Carlo Zoccoli

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Carlo Zoccoli (1718–1771) was an Italian architect, engineer, and scientific writer, active mainly in Southern Italy.

He was born in Naples. At the age of seventeen, he entered the corps of engineers of the Kingdom of Naples, and very soon became master of fortifications. Due to a delicate constitution, he quit the military, and devoted himself to the civil architecture, and published a treatise entitled Della Servitu. He published a work titled Della gravitazione dei corpi e della forza dei fluidi[1] (On the Gravitation of Bodies, and the Power of Fluids). He was chosen by the deputies of the city Examinatore de' Tavolari of the S. R. Council.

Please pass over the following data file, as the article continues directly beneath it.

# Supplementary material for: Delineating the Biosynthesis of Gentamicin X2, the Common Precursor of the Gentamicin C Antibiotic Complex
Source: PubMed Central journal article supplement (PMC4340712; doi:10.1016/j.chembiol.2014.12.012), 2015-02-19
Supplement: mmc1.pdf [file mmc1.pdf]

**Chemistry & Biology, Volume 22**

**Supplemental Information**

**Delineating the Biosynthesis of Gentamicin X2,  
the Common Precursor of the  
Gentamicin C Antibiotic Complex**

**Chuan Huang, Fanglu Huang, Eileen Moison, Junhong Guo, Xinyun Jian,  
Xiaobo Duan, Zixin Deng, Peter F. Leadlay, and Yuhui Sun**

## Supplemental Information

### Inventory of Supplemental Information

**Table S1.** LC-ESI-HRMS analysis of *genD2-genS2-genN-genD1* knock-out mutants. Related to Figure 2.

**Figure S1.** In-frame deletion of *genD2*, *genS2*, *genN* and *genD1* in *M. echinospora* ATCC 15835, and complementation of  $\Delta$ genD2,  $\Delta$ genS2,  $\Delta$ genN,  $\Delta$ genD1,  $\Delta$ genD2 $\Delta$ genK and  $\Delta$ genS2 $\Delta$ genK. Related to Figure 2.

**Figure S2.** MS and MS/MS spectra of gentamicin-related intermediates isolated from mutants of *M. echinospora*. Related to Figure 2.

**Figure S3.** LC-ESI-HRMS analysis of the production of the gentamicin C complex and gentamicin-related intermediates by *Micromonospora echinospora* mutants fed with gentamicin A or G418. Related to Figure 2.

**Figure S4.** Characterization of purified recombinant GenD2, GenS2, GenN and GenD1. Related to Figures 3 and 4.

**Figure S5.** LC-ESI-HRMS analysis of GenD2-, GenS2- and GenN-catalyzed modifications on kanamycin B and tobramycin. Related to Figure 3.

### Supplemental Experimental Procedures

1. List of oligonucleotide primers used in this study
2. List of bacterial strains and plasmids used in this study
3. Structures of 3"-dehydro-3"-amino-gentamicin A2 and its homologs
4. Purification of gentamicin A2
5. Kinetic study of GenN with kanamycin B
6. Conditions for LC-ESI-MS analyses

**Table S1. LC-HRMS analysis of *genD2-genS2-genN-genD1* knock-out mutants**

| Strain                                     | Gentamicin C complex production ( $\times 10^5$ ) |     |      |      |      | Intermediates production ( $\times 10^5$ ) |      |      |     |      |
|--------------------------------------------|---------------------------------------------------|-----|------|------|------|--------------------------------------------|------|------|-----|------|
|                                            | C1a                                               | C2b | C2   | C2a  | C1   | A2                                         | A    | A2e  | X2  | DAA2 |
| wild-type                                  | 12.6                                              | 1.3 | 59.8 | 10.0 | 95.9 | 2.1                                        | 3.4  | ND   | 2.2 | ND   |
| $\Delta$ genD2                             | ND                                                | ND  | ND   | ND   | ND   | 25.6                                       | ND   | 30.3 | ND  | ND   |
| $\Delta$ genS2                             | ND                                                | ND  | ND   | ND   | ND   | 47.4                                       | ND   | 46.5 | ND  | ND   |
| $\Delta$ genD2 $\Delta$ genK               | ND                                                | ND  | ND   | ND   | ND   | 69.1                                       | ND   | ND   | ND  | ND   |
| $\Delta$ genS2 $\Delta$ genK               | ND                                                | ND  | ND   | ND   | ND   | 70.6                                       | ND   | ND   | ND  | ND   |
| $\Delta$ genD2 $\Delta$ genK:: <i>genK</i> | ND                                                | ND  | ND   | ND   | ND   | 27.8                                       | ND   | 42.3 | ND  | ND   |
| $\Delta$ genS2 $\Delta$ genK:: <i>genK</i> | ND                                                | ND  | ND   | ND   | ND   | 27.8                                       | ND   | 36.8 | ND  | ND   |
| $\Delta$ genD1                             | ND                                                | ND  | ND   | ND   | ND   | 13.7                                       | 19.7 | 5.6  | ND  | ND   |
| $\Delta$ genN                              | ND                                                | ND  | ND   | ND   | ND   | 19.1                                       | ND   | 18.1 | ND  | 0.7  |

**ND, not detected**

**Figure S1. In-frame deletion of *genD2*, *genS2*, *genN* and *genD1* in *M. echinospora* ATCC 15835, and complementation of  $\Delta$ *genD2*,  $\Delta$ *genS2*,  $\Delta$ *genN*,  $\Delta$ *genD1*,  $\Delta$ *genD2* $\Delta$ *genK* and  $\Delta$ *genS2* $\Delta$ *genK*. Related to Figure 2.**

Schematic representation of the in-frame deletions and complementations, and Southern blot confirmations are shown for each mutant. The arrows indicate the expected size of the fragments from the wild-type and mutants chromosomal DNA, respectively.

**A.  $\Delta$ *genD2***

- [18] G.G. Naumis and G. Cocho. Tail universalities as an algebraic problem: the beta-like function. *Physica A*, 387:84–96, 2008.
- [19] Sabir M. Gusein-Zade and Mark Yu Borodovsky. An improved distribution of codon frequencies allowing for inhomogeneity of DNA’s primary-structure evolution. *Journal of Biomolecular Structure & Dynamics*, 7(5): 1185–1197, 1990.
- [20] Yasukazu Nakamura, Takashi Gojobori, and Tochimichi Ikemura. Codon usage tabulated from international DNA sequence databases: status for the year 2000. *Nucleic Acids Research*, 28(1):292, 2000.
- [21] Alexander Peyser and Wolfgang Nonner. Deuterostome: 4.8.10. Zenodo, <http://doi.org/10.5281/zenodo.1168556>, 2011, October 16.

His architectural works include: the cathedral, seminary, and episcopal palace of Calvi; the convent of the Alcanterini, on the mountain of Pignatoro; the church and convent of the Capuchins in Arienzo; the church and baronial palace in Cutignano, near Nola; the monastery and church of the Religiosi in San Giorgio, in the territory of Benevento; the villas of the prince of Supino at Portici, and of the Marquis of Palomba at Cesa, near to Aversa.

He constructed two windmills at Capua, on the Volturno, where he adopted the mechanics of Dutch mills on canals were adopted; he also erected nine other mills at Scilla in Calabria, where he also designed a spacious church, and restored the castle, which was completed by his son, Don Raffaello Zoccoli.

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